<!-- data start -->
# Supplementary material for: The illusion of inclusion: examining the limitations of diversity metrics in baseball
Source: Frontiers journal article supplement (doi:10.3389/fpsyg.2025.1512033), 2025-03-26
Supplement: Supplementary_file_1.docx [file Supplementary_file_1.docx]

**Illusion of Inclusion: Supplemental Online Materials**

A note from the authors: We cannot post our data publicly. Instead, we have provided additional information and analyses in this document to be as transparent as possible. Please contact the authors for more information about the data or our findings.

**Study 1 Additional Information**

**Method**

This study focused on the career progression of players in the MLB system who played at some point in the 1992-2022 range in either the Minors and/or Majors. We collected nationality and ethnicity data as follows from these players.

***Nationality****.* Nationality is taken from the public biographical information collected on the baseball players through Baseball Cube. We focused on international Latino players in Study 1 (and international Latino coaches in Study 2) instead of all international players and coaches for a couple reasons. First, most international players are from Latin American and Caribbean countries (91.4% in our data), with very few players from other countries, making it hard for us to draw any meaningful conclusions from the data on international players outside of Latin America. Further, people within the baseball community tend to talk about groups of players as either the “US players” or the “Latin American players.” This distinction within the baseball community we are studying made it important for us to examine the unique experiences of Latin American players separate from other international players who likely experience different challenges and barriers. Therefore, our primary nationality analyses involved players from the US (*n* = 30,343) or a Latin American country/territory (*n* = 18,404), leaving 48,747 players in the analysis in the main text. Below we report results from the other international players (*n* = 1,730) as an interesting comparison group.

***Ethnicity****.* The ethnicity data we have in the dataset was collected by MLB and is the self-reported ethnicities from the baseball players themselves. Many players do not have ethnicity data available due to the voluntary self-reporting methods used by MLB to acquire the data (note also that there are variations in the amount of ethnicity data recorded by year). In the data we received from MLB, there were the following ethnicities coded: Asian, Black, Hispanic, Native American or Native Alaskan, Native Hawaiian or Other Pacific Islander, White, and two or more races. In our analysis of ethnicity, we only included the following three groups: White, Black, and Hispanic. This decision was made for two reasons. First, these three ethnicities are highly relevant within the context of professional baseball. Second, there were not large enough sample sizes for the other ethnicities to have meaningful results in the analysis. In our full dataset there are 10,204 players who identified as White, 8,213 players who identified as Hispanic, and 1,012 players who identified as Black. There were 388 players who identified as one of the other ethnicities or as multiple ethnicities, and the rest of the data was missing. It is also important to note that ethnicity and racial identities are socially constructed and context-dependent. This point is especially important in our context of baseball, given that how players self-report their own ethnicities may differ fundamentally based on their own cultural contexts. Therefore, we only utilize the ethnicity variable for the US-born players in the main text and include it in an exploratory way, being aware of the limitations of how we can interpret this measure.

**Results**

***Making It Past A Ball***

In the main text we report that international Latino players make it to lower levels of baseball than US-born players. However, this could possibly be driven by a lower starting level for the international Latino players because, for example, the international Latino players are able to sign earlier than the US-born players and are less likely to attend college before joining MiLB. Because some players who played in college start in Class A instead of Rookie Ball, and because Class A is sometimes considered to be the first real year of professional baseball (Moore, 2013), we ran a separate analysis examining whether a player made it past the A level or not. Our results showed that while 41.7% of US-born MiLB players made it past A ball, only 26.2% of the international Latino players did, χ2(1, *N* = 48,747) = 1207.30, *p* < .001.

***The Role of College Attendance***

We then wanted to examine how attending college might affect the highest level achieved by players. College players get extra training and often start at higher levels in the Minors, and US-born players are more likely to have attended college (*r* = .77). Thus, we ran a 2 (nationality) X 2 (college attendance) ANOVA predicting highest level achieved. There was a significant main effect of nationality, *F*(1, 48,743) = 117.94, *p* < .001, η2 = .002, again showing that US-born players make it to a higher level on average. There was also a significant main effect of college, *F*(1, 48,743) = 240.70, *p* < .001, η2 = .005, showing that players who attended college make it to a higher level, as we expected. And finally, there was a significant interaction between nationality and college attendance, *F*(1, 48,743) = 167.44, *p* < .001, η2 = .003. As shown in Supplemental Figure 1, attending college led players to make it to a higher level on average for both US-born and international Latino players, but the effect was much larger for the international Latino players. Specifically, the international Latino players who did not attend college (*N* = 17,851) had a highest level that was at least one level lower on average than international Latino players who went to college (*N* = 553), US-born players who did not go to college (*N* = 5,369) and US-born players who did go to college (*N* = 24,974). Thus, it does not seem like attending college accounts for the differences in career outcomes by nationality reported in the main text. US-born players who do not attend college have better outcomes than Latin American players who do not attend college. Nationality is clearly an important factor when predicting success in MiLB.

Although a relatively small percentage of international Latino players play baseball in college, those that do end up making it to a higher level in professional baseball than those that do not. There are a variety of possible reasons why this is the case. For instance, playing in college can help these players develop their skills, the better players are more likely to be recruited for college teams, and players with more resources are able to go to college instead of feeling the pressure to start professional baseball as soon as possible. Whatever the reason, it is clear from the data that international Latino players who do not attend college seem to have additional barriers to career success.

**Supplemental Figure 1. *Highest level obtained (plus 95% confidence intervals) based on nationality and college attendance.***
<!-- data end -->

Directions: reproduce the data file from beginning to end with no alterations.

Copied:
# Supplementary material for: The illusion of inclusion: examining the limitations of diversity metrics in baseball
Source: Frontiers journal article supplement (doi:10.3389/fpsyg.2025.1512033), 2025-03-26
Supplement: Supplementary_file_1.docx [file Supplementary_file_1.docx]

**Illusion of Inclusion: Supplemental Online Materials**

A note from the authors: We cannot post our data publicly. Instead, we have provided additional information and analyses in this document to be as transparent as possible. Please contact the authors for more information about the data or our findings.

**Study 1 Additional Information**

**Method**

This study focused on the career progression of players in the MLB system who played at some point in the 1992-2022 range in either the Minors and/or Majors. We collected nationality and ethnicity data as follows from these players.

***Nationality****.* Nationality is taken from the public biographical information collected on the baseball players through Baseball Cube. We focused on international Latino players in Study 1 (and international Latino coaches in Study 2) instead of all international players and coaches for a couple reasons. First, most international players are from Latin American and Caribbean countries (91.4% in our data), with very few players from other countries, making it hard for us to draw any meaningful conclusions from the data on international players outside of Latin America. Further, people within the baseball community tend to talk about groups of players as either the “US players” or the “Latin American players.” This distinction within the baseball community we are studying made it important for us to examine the unique experiences of Latin American players separate from other international players who likely experience different challenges and barriers. Therefore, our primary nationality analyses involved players from the US (*n* = 30,343) or a Latin American country/territory (*n* = 18,404), leaving 48,747 players in the analysis in the main text. Below we report results from the other international players (*n* = 1,730) as an interesting comparison group.

***Ethnicity****.* The ethnicity data we have in the dataset was collected by MLB and is the self-reported ethnicities from the baseball players themselves. Many players do not have ethnicity data available due to the voluntary self-reporting methods used by MLB to acquire the data (note also that there are variations in the amount of ethnicity data recorded by year). In the data we received from MLB, there were the following ethnicities coded: Asian, Black, Hispanic, Native American or Native Alaskan, Native Hawaiian or Other Pacific Islander, White, and two or more races. In our analysis of ethnicity, we only included the following three groups: White, Black, and Hispanic. This decision was made for two reasons. First, these three ethnicities are highly relevant within the context of professional baseball. Second, there were not large enough sample sizes for the other ethnicities to have meaningful results in the analysis. In our full dataset there are 10,204 players who identified as White, 8,213 players who identified as Hispanic, and 1,012 players who identified as Black. There were 388 players who identified as one of the other ethnicities or as multiple ethnicities, and the rest of the data was missing. It is also important to note that ethnicity and racial identities are socially constructed and context-dependent. This point is especially important in our context of baseball, given that how players self-report their own ethnicities may differ fundamentally based on their own cultural contexts. Therefore, we only utilize the ethnicity variable for the US-born players in the main text and include it in an exploratory way, being aware of the limitations of how we can interpret this measure.

**Results**

***Making It Past A Ball***

In the main text we report that international Latino players make it to lower levels of baseball than US-born players. However, this could possibly be driven by a lower starting level for the international Latino players because, for example, the international Latino players are able to sign earlier than the US-born players and are less likely to attend college before joining MiLB. Because some players who played in college start in Class A instead of Rookie Ball, and because Class A is sometimes considered to be the first real year of professional baseball (Moore, 2013), we ran a separate analysis examining whether a player made it past the A level or not. Our results showed that while 41.7% of US-born MiLB players made it past A ball, only 26.2% of the international Latino players did, χ2(1, *N* = 48,747) = 1207.30, *p* < .001.

***The Role of College Attendance***

We then wanted to examine how attending college might affect the highest level achieved by players. College players get extra training and often start at higher levels in the Minors, and US-born players are more likely to have attended college (*r* = .77). Thus, we ran a 2 (nationality) X 2 (college attendance) ANOVA predicting highest level achieved. There was a significant main effect of nationality, *F*(1, 48,743) = 117.94, *p* < .001, η2 = .002, again showing that US-born players make it to a higher level on average. There was also a significant main effect of college, *F*(1, 48,743) = 240.70, *p* < .001, η2 = .005, showing that players who attended college make it to a higher level, as we expected. And finally, there was a significant interaction between nationality and college attendance, *F*(1, 48,743) = 167.44, *p* < .001, η2 = .003. As shown in Supplemental Figure 1, attending college led players to make it to a higher level on average for both US-born and international Latino players, but the effect was much larger for the international Latino players. Specifically, the international Latino players who did not attend college (*N* = 17,851) had a highest level that was at least one level lower on average than international Latino players who went to college (*N* = 553), US-born players who did not go to college (*N* = 5,369) and US-born players who did go to college (*N* = 24,974). Thus, it does not seem like attending college accounts for the differences in career outcomes by nationality reported in the main text. US-born players who do not attend college have better outcomes than Latin American players who do not attend college. Nationality is clearly an important factor when predicting success in MiLB.

Although a relatively small percentage of international Latino players play baseball in college, those that do end up making it to a higher level in professional baseball than those that do not. There are a variety of possible reasons why this is the case. For instance, playing in college can help these players develop their skills, the better players are more likely to be recruited for college teams, and players with more resources are able to go to college instead of feeling the pressure to start professional baseball as soon as possible. Whatever the reason, it is clear from the data that international Latino players who do not attend college seem to have additional barriers to career success.

**Supplemental Figure 1. *Highest level obtained (plus 95% confidence intervals) based on nationality and college attendance.***